After reading Singer's article, I was struck by the simple rationality of his argument. Each point he made was based on what it takes for one person to survive-- the bare minimum. He critiques members of the UN for donating money below the recommended amount of .7% of a given country's GDP. I understood Singer's arguments and logic. It seems good. It seems nice. But how realistic is it?

There must be a way to reconcile a charitable and, by Singer's logic, just lifestyle with a person's everyday happiness. Although living using an absolute minimum amount of resources may be the correct and fair thing to do, it is entirely unlikely that anyone of greater means would consider doing so unless it yielded general happiness or contentedness. Brooks stresses the importance of intrinsic value of one's work. There must be a way to balance the intrinsic and extrinsic value of one's life and work.

Sunday, January 3, 2016

Citizen Part 3 of 3

In one of Claudia Rankine's most prominent part of Citizen, she includes the script for the Stop-and-Frisk portion of the Situation video, describes a situation where racial profiling led to the arrest of an innocent African-American man, simply browsing a shop.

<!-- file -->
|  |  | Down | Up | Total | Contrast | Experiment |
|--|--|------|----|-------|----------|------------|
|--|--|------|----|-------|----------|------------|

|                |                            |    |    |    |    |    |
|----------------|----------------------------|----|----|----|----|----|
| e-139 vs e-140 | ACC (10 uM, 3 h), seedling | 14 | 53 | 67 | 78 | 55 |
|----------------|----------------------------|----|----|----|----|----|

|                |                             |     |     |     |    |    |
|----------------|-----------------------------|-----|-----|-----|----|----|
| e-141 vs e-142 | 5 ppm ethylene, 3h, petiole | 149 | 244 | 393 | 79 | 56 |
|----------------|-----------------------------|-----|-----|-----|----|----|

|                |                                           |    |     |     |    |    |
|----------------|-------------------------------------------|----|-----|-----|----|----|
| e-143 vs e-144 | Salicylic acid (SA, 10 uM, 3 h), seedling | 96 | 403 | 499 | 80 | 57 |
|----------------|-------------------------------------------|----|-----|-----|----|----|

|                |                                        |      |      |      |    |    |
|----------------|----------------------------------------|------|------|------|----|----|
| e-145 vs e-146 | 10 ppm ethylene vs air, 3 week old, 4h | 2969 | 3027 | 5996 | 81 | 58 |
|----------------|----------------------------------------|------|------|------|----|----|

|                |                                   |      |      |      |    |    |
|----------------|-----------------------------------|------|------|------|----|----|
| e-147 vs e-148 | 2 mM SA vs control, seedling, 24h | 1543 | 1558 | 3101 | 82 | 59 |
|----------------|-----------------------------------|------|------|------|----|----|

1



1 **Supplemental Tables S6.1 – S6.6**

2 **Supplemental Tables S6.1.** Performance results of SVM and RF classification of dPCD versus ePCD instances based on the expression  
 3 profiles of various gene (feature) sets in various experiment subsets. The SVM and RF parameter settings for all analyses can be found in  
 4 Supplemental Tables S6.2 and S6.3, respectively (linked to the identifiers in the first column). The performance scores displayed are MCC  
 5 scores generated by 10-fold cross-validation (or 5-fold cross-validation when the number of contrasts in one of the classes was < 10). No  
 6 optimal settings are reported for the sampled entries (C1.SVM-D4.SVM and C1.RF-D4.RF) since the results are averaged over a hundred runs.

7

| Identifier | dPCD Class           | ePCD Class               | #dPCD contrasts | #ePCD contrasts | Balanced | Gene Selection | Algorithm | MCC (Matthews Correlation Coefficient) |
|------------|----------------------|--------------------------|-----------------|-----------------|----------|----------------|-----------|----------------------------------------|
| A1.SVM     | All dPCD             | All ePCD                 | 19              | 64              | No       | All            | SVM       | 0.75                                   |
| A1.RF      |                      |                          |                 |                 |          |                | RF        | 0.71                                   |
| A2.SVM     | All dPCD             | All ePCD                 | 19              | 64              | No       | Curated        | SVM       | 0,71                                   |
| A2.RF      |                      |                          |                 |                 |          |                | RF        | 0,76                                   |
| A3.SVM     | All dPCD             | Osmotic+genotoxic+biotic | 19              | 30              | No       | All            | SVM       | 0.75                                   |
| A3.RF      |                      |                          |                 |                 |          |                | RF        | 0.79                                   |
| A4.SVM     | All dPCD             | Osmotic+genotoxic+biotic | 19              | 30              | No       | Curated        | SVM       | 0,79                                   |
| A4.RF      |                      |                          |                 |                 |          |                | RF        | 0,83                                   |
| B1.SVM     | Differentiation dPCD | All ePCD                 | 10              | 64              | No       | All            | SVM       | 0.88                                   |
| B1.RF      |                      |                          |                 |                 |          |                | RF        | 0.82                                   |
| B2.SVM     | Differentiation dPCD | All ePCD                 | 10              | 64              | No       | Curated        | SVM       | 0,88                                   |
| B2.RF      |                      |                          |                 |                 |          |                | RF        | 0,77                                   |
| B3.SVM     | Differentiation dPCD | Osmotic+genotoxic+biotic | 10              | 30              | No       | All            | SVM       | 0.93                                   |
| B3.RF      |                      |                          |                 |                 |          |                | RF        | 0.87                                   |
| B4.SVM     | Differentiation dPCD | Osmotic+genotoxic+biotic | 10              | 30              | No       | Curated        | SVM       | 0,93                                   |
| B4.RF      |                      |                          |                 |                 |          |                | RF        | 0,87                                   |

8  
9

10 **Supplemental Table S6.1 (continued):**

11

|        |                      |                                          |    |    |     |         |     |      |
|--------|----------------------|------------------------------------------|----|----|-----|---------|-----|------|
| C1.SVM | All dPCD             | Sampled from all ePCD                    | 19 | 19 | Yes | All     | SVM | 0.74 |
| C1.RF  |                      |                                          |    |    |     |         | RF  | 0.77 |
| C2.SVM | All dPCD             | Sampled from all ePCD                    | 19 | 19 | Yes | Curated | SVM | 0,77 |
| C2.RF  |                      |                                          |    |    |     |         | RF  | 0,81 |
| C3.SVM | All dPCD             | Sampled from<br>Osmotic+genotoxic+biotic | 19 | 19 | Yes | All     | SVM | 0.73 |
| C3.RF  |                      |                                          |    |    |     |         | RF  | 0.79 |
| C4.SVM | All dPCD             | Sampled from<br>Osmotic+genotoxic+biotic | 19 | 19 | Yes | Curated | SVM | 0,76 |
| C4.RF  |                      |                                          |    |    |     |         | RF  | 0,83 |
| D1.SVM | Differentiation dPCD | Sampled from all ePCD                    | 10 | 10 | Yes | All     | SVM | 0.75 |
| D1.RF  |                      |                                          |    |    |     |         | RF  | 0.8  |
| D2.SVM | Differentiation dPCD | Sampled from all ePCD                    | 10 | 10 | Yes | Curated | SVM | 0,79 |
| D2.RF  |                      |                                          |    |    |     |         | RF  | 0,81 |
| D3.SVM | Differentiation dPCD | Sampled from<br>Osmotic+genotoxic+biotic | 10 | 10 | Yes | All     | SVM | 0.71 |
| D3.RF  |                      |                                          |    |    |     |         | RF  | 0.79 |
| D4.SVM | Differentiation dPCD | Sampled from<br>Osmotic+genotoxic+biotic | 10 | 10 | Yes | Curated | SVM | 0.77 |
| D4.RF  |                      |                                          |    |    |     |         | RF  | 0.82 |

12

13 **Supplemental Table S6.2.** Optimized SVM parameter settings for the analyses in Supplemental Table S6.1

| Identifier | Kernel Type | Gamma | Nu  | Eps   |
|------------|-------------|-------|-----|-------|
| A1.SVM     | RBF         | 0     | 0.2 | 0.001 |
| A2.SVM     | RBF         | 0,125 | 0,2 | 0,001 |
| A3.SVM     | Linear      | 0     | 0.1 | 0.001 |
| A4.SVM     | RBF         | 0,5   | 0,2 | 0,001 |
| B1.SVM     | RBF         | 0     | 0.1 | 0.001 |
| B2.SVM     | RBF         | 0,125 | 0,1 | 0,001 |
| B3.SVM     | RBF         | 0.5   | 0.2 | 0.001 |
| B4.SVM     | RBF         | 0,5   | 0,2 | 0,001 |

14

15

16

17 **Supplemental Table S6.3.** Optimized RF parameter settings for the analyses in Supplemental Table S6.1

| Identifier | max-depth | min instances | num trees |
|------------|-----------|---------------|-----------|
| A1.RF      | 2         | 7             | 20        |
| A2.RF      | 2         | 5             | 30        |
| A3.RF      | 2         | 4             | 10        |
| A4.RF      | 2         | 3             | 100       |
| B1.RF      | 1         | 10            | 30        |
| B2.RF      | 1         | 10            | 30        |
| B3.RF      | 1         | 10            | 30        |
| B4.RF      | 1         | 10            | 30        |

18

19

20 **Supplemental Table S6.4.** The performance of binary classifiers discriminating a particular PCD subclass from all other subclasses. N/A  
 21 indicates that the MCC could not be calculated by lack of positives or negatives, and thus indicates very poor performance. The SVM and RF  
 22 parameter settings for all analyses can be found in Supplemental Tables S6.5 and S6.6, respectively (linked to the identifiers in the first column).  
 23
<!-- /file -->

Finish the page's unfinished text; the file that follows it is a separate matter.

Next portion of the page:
"And you are not the guy and still you fit the description because there is only one guy who is always the guy fitting the description."

After doing some browsing on youtube, I discovered a video that gave meaning to this statement. The video is a compilation of young Black men around my age, filming themselves as they are shopping in grocery stores, convenience stores, Walmart etc. However, in each video, they are being followed by a store clerk. The clerk is following them, because they are the "one guy who is always the guy fitting the description."

The video title dubs this phenomenon "Shopping While Black". The video gives true insight to those who have do not fit the description, to the experiences of those who do.

Citizen Part 2 of 3

In one part of Citizen, Claudia Rankine introduces the World Cup portion of the script for her Situation video. Phrases of reaction to racial injustice at the World Cup intersected with images of an altercation between players.

"Big Algerian shit, dirty terrorist, nigger."

"The Algerian men, for their part, are a target of criticism for their European countries."